So far, there have been three other Hall of Famers to come out of the 1990 draft:  Junior Seau at #5 to the Chargers (also lost too soon, due to football-related brain issues), Emmitt Smith at #17 to the Cowboys, and Shannon Sharpe WAAAAY down at the second-to-last pick of the seventh round to the Broncos.  It’s pretty crazy that you could make a very good argument that Tez was the greatest 3-Tech Defensive Tackle of all time, Seau was the greatest Middle Linebacker of all time, Emmitt Smith was the greatest Running Back of all time, and Sharpe was the greatest Tight End of all time, all coming out in the same draft.

What was good for the NFL was also good for the Seahawks in that 1990 NFL Draft.  On top of Tez, the Seahawks got Terry Wooden, a starting outside linebacker, in the second round; Robert Blackmon, a starting strong safety, also in the second round; and Chris Warren, a starting running back, in the fourth round.  On top of some of the holdover talent, it’s mind-blowing that the Seahawks would be a 2-win team only two years later, but I guess that’s what happens when you neglect the quarterback position for so long.

Tez was truly in his prime from 1991-1996, when he made the Pro Bowl each of those six years, and was First Team All Pro in three of those years (from 1992-1994).  He had his 1997 season cut short due to injury, but bounced back for two more Pro Bowl seasons in 1998 & 1999.  He was more of a rotational guy under Mike Holmgren, particularly in his final year in 2000, and he only got to enjoy one playoff appearance (in 1999, in a loss to Dan Marino and the Miami Dolphins), but he was a Seahawk through and through.  For most of the 1990s, Tez was literally the only reason to ever watch a Seahawks game.  I take great pride – and I know he takes great pride – in the fact that he was a career Seahawk, even though he had multiple offers to play elsewhere as his career came to a close.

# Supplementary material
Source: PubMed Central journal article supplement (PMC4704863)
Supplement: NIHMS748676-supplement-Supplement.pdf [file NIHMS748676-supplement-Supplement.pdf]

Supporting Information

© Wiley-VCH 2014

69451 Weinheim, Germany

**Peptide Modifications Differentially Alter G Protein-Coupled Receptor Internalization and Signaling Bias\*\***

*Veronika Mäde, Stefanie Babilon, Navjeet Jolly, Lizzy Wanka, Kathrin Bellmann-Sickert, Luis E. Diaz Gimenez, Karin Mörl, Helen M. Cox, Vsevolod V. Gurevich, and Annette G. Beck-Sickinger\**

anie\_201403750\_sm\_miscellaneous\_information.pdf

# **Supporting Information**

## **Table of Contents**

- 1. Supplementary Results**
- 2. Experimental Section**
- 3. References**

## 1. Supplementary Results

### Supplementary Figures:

The best part of Tez’s game was that he wasn’t just a sacks guy.  He was a complete, all-around defensive tackle.  Yes, he got his share of sacks (14 in 1992, when he was Defensive Player of the Year), but I don’t remember EVER seeing an interior defensive lineman with the number of tackles that he’d get.  73 tackles in 1991, 92 (!) tackles in 1992, 77 tackes in 1993.  I mean, how do you even do that?  That’s on top of the fact that he was almost constantly double-teamed, because if you didn’t double-team him, he’d absolutely blow up every single play.  And, that’s on top of the fact that he rarely left the field.

A 3-down interior lineman with high sack totals AND high tackle numbers?  And you want to try to argue with me that he’s not one of the best 3-Tech DTs of all time?  Get the fuck off my planet!